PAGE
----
New figures have shown a sharp increase in the number of people dying in Tayside over the winter.
The rise was revealed by charity Age Scotland, which has warned more must be done to tackle fuel poverty.
There are fears the death toll among the elderly will rise as many are forced to choose between eating and heating.
In 2016/17, 340 more people died in the NHS Tayside area in winter — categorised as between December and March — than at other times of the year.
The previous year, there were 240 more deaths during winter.
Figures from the National Records of Scotland show that of the winter deaths recorded in 2016/17, 180 were aged over 85.
In the Dundee City Council area, there were 150 more deaths during the winter period in 2016/17.
Age Scotland claims that almost half of older households (45%) live in fuel poverty.
The charity added that cold weather can have a “deadly” impact on people who have existing health conditions such as heart disease, respiratory problems or dementia.
Charity director Keith Robson said: “It’s unacceptable that so many older people in Scotland today cannot afford to heat their homes adequately.”
John McAllion, care delegate for Dundee Pensioners’ Forum, said that fuel poverty is the “biggest threat” to pensioners in the city.
He said: “The numbers are going up and that tells us that it is down to the prices that people are being charged for energy.
“Some sections of the pensioner population are extremely vulnerable and heating their homes is a big worry for them.
“Successive governments have talked about tackling fuel poverty, but it’s not happening. This kind of thing shouldn’t be happening in this day and age.”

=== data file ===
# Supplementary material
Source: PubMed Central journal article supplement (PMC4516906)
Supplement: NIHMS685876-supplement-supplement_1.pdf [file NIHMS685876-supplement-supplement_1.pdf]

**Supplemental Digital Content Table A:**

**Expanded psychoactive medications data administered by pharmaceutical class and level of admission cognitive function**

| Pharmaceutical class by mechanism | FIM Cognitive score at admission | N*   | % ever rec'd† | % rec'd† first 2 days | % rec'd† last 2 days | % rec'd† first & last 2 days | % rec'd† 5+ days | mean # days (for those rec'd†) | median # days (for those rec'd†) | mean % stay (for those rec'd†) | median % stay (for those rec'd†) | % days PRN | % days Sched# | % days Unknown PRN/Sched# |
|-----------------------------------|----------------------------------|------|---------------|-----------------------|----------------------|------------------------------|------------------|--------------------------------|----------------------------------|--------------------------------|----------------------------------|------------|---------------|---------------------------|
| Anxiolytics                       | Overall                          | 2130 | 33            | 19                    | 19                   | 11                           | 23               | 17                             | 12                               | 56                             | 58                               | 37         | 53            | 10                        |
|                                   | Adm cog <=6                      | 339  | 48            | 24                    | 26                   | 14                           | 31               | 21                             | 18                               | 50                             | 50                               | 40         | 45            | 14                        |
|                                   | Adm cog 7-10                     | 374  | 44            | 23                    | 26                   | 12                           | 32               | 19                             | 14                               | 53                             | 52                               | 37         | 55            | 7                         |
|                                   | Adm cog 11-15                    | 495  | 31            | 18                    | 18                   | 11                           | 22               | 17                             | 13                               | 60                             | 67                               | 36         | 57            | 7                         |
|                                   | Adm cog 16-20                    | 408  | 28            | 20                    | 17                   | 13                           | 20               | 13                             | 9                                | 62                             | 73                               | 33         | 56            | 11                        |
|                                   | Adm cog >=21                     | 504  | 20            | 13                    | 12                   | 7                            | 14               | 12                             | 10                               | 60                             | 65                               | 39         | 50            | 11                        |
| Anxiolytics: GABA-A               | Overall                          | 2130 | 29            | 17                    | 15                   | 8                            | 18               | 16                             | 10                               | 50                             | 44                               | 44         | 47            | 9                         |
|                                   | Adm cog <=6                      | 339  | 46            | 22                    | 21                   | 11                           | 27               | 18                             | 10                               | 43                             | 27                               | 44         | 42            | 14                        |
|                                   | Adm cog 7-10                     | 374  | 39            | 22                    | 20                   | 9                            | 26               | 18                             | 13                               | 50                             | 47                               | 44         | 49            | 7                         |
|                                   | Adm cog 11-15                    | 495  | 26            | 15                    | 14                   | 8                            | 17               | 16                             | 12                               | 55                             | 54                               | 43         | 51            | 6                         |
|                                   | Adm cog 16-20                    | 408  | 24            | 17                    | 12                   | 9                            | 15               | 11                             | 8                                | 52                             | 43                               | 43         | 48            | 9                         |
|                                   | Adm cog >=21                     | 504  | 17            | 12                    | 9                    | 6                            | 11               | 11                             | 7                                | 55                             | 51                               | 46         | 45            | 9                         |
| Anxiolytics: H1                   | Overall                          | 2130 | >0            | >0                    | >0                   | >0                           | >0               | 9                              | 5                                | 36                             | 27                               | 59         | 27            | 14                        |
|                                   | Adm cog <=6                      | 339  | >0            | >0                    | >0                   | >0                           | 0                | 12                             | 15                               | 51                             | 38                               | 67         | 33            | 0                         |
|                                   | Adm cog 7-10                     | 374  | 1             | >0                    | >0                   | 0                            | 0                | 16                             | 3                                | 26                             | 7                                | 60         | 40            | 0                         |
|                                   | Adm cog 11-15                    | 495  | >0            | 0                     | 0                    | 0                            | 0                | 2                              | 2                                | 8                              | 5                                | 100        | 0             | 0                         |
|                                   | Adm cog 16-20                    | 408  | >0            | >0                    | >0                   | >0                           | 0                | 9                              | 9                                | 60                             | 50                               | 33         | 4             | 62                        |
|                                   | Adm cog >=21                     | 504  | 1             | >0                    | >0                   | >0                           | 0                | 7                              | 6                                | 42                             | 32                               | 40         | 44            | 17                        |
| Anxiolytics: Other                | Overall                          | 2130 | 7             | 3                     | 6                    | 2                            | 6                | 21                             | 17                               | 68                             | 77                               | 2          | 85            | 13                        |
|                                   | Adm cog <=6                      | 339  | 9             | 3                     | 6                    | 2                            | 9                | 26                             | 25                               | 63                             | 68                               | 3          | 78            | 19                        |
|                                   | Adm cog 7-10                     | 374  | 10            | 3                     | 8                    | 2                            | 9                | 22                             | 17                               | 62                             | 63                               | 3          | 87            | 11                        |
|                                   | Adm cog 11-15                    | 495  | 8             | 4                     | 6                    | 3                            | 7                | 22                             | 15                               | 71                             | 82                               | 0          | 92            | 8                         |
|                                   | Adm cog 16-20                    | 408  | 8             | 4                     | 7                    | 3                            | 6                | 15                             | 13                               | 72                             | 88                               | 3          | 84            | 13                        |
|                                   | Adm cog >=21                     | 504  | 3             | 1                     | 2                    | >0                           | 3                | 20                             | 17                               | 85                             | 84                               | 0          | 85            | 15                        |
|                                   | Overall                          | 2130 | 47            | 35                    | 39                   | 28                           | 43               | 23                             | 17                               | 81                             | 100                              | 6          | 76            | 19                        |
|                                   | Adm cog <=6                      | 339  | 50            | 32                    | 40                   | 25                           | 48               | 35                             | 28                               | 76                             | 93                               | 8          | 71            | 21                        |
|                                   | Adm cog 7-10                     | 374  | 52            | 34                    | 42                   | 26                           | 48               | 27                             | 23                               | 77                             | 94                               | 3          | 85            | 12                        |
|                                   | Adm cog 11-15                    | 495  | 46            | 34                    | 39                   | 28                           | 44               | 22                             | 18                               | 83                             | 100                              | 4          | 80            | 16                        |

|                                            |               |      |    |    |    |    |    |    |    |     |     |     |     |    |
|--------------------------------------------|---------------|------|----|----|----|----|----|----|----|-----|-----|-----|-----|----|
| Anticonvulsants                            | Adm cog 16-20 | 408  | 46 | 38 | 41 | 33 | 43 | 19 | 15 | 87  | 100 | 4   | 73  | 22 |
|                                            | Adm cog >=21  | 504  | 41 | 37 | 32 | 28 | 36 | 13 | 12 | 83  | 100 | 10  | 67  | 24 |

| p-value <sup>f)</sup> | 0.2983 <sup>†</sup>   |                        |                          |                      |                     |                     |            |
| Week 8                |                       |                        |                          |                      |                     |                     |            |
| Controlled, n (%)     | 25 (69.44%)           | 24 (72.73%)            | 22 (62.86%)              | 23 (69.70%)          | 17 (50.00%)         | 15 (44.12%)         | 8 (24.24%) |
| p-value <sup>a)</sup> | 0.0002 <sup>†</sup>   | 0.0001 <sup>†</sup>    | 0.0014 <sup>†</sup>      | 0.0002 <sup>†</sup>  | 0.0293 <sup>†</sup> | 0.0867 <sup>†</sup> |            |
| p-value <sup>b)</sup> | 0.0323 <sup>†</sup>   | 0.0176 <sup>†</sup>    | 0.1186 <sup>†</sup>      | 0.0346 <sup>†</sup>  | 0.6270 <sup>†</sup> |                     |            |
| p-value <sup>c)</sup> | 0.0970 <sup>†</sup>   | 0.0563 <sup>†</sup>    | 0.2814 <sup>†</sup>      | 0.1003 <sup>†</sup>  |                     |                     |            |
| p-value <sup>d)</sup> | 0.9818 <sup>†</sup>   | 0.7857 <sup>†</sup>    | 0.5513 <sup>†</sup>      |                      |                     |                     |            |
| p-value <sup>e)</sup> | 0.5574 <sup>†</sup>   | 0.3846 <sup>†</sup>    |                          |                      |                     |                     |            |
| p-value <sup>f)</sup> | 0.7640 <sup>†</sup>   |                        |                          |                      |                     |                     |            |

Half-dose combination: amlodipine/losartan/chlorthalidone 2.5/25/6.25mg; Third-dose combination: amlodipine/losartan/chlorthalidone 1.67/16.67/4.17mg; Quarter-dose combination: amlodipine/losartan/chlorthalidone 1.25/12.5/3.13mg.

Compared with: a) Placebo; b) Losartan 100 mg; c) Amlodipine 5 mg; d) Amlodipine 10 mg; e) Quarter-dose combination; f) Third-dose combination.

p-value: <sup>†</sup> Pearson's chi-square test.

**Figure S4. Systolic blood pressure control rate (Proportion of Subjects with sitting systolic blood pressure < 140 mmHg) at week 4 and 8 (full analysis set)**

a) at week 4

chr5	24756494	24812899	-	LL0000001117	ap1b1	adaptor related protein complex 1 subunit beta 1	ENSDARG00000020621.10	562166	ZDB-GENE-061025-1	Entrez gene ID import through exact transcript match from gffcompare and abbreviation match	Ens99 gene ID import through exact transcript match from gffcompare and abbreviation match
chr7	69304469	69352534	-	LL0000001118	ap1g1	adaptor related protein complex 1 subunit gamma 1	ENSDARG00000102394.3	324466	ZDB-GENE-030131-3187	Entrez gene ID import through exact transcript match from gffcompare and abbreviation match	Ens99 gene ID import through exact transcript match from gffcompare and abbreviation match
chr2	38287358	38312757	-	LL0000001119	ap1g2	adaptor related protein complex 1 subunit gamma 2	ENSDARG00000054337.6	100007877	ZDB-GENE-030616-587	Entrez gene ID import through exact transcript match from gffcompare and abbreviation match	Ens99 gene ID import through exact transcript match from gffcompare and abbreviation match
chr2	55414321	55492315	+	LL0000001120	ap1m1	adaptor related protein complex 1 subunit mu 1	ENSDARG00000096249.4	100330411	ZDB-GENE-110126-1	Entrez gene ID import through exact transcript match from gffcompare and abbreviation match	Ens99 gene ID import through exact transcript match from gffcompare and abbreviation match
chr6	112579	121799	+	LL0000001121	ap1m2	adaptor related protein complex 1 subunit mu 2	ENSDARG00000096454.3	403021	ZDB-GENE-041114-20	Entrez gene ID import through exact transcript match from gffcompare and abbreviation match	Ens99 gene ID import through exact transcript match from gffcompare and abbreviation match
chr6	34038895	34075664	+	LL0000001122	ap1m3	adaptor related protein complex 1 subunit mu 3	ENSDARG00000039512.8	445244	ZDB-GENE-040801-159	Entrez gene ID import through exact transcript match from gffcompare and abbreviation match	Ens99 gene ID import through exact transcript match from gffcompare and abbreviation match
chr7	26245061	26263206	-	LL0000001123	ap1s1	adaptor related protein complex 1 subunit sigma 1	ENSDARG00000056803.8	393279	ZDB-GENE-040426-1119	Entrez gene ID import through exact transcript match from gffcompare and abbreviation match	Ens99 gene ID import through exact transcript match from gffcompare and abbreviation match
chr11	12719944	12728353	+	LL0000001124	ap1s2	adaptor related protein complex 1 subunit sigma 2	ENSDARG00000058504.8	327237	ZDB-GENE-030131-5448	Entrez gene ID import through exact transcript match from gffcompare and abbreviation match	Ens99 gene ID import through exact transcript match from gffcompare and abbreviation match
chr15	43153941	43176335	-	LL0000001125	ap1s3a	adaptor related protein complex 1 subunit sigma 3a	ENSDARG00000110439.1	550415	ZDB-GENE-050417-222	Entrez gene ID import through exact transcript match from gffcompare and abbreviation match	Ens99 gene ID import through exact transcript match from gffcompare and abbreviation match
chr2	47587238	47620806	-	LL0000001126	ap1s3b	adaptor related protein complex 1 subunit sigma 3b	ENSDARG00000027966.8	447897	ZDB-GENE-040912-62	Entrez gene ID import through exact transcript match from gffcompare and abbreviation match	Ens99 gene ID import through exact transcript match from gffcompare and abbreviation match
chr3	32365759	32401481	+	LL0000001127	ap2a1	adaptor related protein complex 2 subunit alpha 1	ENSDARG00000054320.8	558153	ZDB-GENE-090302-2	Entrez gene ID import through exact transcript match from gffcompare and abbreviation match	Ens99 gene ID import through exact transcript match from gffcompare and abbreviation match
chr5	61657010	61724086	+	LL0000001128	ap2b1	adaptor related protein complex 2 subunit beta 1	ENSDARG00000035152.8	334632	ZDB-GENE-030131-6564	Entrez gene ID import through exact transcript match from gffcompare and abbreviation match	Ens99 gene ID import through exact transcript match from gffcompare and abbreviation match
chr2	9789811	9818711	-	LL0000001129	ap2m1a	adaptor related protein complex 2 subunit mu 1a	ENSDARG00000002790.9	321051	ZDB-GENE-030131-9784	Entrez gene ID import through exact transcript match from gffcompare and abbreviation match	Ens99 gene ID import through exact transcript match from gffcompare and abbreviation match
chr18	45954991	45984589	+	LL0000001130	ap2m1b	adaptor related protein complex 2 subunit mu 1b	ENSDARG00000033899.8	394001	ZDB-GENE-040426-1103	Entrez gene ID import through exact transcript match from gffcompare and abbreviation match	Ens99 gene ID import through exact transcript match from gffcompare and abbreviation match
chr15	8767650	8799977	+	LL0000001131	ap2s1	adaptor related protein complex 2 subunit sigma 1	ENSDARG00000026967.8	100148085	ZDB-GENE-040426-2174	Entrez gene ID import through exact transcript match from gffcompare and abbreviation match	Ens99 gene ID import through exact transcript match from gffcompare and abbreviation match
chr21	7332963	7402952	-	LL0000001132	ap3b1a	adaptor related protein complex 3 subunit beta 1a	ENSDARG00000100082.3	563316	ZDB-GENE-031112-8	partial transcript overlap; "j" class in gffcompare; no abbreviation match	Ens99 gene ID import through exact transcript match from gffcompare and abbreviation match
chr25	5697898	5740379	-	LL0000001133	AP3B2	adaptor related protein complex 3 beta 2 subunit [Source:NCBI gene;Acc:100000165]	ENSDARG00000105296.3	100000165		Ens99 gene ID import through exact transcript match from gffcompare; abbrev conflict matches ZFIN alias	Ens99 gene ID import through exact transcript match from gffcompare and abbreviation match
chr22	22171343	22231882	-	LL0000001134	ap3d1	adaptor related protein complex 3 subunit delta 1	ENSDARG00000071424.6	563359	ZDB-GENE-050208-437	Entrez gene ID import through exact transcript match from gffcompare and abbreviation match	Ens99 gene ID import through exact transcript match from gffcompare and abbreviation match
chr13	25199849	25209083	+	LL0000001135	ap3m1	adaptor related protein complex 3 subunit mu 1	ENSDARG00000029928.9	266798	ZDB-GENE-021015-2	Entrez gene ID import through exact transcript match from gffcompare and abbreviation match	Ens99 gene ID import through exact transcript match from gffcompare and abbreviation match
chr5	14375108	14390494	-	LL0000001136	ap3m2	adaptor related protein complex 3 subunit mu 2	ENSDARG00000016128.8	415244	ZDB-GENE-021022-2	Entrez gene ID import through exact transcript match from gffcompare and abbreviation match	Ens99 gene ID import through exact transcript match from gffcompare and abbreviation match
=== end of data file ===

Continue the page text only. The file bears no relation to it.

Mr McAllion said that one of the most effective ways to mitigate the impact of colder weather on pensioners is for the winter fuel allowance to be preserved, otherwise he thinks that numbers of pensioners unable to afford to heat their home will rise, resulting in more deaths.
He said: “It has one of the highest uptake rates of all benefits. I would hate to see that reduced or become means tested. It is the difference between life and death.”
Stella Carrington, a local activist and former Dundee Citizen of the Year, said she had grave concerns about the winter ahead, adding: “There is little doubt that rising energy costs are forcing the elderly into fuel poverty.
“Many elderly people in the region will be forced to switch off radiators this winter because they can’t afford their heating bills.
“I have just changed energy supplier in a bid to reduce my heating costs, but not everyone is aware they can do that.”
Ken Lynn, the council’s spokesman on health and social care, said there was little doubt that the elderly would again be at risk this winter because they couldn’t afford to heat their homes due to fuel poverty.
He said: “People have died in Tayside because they can’t afford to heat their homes properly and the elderly are particularly at risk. This is concerning and anyone who is suffering difficulties is urged to get in touch with the council.”